Greece saw deposit inflows of more than 1.5 billion euros in March, despite fears the Cypriot banking crisis would spark outflows in other troubled euro zone economies, the country's central bank chief said on Wednesday.
More than 19 billion euros have returned to Greece since mid-June last year when the election of a pro-bailout government eased fears of a messy Greek euro zone exit. The inflow is a fraction of the 90 billion that fled during the debt crisis.
Bank of Greece Governor George Provopoulos also followed other Greek government officials in insisting that all deposits were safe, in a bid to allay fears of austerity-hit Greeks that their savings could be at risk after a raid on Cyprus depositors as part of the island's bailout.
"There are no fears on bank deposits in Greece, they are fully protected regardless of amount," Provopoulos told parliament's economic affairs committee.
Provopoulos, also a European Central Bank Governing Council member, said Greece's 50-billion euro bank rescue package, part of its EU/IMF bailout, was based on the concept that no depositor would lose money.
A European Union rescue package last month to save Cyprus from bankruptcy inflicted heavy losses on bank deposits over 100,000 euros at the island's two biggest banks, an unprecedented move that sent jitters across the single currency zone.
Athens and its international lenders say they averted contagion from the Cypriot crisis by getting Greek lender Piraeus to buy Cypriot bank branches operating in Greece before they reopened after an extended bank holiday.
"The Cypriot problem could have affected us quite negatively had there been no readiness to transfer the Cypriot bank assets and liabilities in 48 hours. Their deposits would have been affected and the virus would have spread," Provopoulos said.
Greece's economy is in its sixth year of recession and is expected to shrink 4.5 percent this year. Data released on Wednesday showed construction activity plunged 32.6 percent year-on-year in January.
Labor unions have called a 24-hour strike on May 1 to protest against austerity and unpopular reforms Greece's international lenders have demanded in exchange for more funds.
Greece also reported its central government budget posted a smaller deficit in the first three months of the year, largely due to lower interest rate payments and spending cuts.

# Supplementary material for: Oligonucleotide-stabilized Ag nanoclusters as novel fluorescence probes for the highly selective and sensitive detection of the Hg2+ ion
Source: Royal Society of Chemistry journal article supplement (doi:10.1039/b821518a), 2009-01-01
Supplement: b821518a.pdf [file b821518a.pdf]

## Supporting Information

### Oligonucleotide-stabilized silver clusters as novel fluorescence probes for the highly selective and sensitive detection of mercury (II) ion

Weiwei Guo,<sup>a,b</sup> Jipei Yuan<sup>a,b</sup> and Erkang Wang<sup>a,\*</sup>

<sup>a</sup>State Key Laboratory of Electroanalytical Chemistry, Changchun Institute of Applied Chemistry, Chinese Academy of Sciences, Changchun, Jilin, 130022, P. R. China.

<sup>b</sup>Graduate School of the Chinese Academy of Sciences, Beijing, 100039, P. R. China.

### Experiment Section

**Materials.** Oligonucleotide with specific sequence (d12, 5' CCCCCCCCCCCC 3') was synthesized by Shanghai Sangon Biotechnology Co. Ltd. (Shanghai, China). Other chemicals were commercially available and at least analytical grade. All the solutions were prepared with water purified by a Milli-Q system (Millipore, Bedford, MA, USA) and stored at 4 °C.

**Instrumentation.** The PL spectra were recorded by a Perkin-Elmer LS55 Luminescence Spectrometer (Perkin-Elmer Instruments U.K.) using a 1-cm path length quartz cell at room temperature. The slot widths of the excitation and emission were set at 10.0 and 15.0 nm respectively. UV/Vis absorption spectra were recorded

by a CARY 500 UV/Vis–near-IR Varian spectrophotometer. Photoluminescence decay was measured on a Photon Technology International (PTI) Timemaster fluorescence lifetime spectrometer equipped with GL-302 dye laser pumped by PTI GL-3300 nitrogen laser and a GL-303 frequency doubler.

Greece's banking sector was shaken by the unexpected move earlier this week to suspend National Bank's plan to integrate its newly acquired rival Eurobank because the country's lenders fear the combined entity would be too big.
Provopoulos said the two lenders were unlikely to raise enough capital to stay private but added he was optimistic that the other two major Greek lenders - Alpha and Piraeus - would be able to avoid nationalization.
"There is optimism that the amounts these two banks are seeking to raise from the market will be raised. There is less optimism regarding the other two (National Bank and Eurobank)," Provopoulos said.
Still, shares in National bank and Eurobank rose 26.5 percent and 29.6 percent respectively on hopes they would be able to scrape up enough support to stay private.
Greece's four big banks need 27.5 billion euros of fresh funds to restore their solvency after hits from a sovereign debt writedown and bad loans.
They have until the end of April to complete the process of recapitalization, with most of the capital to be provided by a bank rescue fund - the Hellenic Financial Stability Fund (HFSF) - in exchange for shares and convertible bonds.
To retain management control, banks must raise at least 10 percent of their common equity issues from the market, otherwise they will fall under the full control of the HFSF.
Provopoulos said the 50 billion euro bank rescue package is enough to recapitalize the systemic banks and cover the costs of winding down others deemed non-viable, leaving a cushion of 4 to 5 billion euros.
"In the eyes of depositors, Greek banks were undercapitalized," he said. "This will now be resolved. Banks will slowly start to recover, it will take time, we cannot expect miracles."
(Additional reporting by Renee Maltezou and Lefteris Papadimas; editing by Deepa Babington and Stephen Nisbet)